Performing the isolation  

It is good practise to investigate both the pooled fraction and the recovered material, so that should there have been any degradation of the unknown impurity during the recovery process, it can be detected. Thereafter, the recovered material can be subjected to the next LC separation or, following the final purification step, submitted to analytical investigation. Once again, the quality of solvents used for these separations is critical, especially if evaporation is to be applied for recovery. Impurities from the solvent could contaminate the isolated impurity, and present difficulties in the elucidation of its structure. The use of highly pure HPLC-grade solvents at the stage of final purification can help to alleviate the risk of such contamination. If solvent recycling is used, care must be taken to ensure collected fractions are not contaminated with co-eluting compounds. It is also important to ensure that the mobile phase solvent is volatile if evaporation is being used as the final isolation step. Water can often be successfully removed by salting out and evaporating the organic layer only, assuming the compound of interest is preferentially soluble in the organic media. This can dramatically reduce the evaporation time. 

After the impurity isolation is complete, it is possible to collect milligram quantities of material, which should be enough for the identification techniques mentioned above. It is also important to confirm the purity of the isolated material using high-resolution analytical columns (and more than one separation technique may be required) to confirm the purity of the isolated material.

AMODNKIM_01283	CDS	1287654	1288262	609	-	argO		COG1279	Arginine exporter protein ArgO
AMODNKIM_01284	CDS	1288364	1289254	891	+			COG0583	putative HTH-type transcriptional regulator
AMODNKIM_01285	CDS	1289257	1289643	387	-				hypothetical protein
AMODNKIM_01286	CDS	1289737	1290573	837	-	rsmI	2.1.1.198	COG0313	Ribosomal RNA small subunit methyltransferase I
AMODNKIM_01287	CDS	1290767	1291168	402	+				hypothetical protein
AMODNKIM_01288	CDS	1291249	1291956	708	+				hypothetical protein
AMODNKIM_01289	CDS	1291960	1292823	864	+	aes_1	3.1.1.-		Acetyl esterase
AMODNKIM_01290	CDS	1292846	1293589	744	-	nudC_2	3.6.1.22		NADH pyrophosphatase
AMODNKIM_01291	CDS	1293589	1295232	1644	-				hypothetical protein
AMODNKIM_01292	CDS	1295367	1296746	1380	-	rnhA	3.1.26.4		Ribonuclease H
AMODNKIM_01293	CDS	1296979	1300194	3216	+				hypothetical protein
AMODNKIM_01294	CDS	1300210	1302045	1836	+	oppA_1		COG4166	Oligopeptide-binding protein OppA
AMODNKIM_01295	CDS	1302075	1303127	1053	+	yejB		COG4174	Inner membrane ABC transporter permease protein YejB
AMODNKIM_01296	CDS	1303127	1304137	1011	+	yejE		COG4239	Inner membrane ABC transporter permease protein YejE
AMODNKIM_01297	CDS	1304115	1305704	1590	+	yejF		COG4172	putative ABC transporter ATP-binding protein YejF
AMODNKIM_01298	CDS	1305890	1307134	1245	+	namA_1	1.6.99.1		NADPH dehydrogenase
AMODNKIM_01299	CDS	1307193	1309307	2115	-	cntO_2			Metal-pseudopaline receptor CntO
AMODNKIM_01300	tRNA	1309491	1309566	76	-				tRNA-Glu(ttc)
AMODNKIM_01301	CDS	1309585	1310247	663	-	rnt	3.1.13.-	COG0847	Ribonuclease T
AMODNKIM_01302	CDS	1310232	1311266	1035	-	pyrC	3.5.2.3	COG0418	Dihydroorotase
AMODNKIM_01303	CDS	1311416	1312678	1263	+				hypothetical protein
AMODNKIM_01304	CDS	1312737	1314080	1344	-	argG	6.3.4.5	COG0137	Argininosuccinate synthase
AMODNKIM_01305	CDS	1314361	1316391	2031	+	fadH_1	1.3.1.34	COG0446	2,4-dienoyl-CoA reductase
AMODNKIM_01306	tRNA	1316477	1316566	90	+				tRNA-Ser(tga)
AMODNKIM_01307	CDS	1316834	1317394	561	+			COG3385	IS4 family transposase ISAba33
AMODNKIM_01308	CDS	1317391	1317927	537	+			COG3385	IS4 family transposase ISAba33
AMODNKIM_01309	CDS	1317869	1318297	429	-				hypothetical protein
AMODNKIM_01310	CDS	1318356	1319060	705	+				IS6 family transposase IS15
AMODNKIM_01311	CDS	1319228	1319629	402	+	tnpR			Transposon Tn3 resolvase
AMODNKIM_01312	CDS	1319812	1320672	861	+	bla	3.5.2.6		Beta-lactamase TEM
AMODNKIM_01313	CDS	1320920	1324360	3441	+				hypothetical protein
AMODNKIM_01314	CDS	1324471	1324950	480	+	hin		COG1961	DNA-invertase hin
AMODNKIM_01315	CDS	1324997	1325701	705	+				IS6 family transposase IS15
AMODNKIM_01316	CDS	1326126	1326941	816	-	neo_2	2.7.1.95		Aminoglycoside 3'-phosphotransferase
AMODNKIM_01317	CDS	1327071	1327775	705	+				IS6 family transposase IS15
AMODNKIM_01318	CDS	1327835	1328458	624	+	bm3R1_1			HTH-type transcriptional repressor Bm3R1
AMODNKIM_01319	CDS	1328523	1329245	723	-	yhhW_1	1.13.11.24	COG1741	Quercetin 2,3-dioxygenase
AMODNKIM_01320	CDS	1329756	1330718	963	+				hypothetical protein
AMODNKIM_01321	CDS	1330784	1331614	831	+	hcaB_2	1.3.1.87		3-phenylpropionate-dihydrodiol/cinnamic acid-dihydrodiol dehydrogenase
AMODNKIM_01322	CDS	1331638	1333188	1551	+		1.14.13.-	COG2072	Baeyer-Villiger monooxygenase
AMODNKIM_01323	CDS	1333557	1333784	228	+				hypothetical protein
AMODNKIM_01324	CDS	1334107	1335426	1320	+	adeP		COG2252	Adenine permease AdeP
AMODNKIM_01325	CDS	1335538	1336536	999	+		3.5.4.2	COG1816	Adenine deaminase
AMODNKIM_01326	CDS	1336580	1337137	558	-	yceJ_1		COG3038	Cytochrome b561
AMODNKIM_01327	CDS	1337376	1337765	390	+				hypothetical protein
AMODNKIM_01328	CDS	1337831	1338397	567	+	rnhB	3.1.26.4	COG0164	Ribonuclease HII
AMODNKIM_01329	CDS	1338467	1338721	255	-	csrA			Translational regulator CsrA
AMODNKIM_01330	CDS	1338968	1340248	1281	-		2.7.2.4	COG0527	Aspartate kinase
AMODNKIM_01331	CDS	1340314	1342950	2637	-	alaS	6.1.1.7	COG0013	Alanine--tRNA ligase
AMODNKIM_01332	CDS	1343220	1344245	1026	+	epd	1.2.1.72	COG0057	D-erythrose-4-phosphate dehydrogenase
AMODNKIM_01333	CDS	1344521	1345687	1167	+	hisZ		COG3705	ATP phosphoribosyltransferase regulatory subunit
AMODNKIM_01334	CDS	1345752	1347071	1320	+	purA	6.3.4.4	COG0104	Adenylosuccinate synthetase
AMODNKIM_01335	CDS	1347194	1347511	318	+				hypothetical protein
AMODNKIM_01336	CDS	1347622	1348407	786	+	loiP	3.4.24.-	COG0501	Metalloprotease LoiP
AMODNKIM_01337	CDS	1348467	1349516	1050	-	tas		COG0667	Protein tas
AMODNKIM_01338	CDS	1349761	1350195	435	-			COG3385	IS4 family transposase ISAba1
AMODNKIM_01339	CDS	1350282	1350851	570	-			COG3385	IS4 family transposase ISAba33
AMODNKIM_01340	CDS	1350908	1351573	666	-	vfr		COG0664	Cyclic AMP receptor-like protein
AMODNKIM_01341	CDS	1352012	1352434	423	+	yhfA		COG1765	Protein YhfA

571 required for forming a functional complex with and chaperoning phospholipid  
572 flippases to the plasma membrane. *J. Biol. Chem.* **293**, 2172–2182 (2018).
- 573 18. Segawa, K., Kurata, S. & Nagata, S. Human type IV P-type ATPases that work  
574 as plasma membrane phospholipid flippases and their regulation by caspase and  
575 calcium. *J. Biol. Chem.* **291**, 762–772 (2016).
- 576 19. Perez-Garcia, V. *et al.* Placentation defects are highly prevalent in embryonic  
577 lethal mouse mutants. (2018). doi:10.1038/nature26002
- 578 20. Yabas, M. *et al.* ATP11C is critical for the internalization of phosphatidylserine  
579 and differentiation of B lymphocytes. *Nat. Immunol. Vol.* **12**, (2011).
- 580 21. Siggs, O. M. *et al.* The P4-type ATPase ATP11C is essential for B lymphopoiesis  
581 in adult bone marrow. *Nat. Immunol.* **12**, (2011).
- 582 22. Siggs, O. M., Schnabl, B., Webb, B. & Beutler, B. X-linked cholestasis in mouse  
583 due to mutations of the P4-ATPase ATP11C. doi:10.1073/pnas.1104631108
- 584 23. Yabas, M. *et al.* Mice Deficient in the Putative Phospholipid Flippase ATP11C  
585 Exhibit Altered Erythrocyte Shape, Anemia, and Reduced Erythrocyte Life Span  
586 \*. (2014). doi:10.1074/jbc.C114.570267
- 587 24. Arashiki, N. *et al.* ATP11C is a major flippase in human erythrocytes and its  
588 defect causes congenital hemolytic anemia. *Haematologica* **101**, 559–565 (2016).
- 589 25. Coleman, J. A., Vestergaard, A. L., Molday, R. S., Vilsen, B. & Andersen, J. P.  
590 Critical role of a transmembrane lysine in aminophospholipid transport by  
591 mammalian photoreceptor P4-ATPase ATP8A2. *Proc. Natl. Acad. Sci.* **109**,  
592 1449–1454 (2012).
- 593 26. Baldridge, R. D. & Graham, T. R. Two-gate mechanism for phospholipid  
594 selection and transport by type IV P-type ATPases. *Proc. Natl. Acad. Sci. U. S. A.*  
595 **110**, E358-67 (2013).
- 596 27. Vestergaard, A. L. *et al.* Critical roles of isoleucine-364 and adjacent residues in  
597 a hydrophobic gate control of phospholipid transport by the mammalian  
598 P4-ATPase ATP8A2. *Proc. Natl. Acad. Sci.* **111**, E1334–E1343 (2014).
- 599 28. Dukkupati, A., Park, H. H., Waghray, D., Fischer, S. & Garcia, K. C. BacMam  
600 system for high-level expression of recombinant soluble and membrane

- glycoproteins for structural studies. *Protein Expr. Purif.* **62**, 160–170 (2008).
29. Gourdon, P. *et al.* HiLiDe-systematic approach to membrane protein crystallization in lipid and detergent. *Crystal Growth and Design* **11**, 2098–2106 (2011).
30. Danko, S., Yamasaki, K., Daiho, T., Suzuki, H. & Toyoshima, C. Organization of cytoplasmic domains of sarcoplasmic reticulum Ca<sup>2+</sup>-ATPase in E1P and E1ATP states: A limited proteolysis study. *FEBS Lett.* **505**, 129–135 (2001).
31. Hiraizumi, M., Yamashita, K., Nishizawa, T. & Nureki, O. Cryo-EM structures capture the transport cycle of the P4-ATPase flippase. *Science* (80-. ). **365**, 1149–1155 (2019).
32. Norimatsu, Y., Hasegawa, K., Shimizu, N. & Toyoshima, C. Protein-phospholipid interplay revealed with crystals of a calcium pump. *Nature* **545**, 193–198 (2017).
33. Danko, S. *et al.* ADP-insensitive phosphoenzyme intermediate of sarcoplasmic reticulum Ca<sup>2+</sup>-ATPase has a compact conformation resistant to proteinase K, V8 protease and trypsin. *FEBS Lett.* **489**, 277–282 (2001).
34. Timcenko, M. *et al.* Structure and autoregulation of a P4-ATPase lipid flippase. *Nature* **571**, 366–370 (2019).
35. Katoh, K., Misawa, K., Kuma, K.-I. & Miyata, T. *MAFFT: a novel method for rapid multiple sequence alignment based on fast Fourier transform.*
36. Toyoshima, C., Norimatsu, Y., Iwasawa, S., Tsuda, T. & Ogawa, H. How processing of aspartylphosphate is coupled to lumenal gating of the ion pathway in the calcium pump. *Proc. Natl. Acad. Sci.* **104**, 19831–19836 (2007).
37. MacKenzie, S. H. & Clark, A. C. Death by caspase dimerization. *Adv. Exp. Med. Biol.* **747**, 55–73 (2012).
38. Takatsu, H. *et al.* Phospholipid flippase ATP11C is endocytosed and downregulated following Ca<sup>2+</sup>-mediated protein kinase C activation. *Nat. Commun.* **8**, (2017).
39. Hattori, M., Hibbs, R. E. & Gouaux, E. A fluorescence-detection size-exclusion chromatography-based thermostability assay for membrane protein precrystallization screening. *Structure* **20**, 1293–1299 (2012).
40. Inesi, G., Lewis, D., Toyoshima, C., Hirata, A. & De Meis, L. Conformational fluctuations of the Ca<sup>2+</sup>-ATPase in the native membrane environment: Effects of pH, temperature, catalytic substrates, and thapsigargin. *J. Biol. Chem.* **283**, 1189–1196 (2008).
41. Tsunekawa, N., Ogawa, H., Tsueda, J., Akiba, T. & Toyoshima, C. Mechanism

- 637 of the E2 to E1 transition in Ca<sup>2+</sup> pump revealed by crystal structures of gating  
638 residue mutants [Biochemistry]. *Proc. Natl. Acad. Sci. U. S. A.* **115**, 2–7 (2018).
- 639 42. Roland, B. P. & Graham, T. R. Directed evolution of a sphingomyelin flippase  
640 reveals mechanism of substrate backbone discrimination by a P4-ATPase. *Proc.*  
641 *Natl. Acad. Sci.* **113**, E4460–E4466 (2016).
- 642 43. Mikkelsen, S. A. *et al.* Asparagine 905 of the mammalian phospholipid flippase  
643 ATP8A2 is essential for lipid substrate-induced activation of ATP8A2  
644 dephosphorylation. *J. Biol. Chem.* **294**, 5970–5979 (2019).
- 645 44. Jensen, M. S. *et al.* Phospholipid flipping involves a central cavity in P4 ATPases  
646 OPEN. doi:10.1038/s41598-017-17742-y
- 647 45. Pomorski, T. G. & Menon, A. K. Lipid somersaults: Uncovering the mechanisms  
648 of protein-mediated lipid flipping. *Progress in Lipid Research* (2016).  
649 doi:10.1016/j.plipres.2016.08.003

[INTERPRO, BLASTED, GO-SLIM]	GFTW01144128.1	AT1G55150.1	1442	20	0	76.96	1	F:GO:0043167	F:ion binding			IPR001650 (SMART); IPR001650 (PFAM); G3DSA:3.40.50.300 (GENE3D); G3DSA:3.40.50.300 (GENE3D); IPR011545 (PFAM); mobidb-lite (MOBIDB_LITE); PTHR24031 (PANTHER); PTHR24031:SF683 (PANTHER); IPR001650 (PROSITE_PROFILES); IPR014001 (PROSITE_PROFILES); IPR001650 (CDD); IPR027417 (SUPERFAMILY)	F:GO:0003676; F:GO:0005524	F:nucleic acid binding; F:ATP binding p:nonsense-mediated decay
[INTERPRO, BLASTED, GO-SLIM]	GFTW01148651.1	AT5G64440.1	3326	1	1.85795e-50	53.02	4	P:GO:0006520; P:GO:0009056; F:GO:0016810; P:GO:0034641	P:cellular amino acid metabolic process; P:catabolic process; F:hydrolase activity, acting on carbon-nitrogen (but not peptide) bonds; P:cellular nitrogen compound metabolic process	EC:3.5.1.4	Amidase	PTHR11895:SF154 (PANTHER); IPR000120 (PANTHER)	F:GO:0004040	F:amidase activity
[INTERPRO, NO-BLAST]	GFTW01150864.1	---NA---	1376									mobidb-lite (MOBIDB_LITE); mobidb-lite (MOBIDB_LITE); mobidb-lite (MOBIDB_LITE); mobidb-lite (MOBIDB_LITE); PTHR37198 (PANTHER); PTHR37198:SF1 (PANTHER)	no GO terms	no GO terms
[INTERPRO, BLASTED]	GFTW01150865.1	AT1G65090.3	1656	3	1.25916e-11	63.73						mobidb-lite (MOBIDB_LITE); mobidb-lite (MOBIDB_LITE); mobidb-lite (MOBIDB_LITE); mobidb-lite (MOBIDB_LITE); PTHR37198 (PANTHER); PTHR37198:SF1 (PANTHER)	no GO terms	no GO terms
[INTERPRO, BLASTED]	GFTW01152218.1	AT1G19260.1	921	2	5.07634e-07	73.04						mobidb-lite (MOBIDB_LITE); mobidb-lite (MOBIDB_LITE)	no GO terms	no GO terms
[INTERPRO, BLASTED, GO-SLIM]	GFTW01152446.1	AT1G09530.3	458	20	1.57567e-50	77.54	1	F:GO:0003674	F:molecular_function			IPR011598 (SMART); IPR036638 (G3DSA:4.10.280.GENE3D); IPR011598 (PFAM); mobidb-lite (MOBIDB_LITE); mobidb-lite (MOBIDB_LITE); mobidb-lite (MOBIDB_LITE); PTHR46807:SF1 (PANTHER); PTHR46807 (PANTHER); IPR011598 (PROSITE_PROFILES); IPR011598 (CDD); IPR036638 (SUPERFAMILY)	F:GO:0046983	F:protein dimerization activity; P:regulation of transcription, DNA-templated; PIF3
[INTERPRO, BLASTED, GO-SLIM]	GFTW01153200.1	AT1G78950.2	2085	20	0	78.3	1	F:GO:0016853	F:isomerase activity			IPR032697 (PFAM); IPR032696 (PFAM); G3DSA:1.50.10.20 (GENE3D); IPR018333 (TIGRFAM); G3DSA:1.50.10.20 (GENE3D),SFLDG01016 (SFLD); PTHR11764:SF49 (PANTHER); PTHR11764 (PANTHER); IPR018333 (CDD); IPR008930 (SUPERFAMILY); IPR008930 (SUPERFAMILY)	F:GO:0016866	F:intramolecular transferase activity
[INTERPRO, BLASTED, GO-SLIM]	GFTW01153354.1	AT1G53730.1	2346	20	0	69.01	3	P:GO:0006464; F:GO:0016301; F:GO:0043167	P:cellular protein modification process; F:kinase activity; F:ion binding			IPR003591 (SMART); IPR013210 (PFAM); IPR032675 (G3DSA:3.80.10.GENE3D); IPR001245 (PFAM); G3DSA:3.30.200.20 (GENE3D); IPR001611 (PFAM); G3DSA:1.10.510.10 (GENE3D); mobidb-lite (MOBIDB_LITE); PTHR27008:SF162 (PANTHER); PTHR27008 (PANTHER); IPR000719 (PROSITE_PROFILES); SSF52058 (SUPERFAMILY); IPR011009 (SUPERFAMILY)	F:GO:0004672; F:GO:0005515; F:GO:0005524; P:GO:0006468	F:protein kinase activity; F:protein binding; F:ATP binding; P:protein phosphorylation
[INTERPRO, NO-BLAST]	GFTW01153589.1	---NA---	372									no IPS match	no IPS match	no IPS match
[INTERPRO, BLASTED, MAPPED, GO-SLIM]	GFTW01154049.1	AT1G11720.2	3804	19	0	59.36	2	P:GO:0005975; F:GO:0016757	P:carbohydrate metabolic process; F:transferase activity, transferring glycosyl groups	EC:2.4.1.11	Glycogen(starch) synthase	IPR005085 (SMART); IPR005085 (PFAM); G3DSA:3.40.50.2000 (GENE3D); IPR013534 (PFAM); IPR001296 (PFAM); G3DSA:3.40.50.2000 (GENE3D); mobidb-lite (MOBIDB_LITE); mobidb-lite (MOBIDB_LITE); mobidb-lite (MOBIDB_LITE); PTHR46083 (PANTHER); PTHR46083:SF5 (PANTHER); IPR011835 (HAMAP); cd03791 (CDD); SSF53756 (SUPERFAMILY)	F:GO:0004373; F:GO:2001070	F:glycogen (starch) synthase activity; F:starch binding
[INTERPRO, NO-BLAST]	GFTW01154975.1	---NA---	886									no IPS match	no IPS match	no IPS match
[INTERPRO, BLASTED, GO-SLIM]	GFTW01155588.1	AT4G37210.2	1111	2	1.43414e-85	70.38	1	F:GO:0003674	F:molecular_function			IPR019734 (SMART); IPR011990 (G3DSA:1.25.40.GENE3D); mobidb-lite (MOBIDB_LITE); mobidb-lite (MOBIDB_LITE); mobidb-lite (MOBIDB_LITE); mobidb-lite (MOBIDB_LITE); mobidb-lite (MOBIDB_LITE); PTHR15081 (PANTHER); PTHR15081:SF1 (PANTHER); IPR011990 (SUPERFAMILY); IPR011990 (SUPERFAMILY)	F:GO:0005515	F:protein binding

Alternative use 

Preparative HPLC is also suitable for isolating reference standard-quality material. Again, this is performed by loading the sample onto the column and collecting fractions within a narrow band of the eluted sample peak, where the target molecule should be at its purest. Depending on the sample and size of column used, a few grams of reference standard can be produced in this manner. The identification techniques of NMR, FT-IR and MS can be used to aid in the characterisation of this material (along with other techniques such as Karl Fischer, HPLC, heavy metals, sulphated ash) and subsequently established as a Primary Reference Standard. Where biopharmaceutical molecules are purified, alternative techniques such as amino acid analysis, peptide mapping (using LC-MS), gel electrophoresis etc. may be used to confirm purity and identity. 

The approach is appropriate for small and large molecules, depending on the nature of the columns used, meaning it has applications for both traditional pharmaceutical and biopharmaceutical customers.

 

Conclusion 

Impurity isolation, identification and sample purification are essential aspects of pharmaceutical development, and these services are an important part of the support that RSSL can offer pharmaceutical customers, for both existing compounds and new Chemical/Biological Entities.

 

 

This article is written by/on behalf of Reading Scientific Services Ltd. and not by the Outsourcing-Pharma.com editorial team.

Get in touch with Reading Scientific Services Ltd.

Follow Reading Scientific Services Ltd.

Twitter
LinkedIn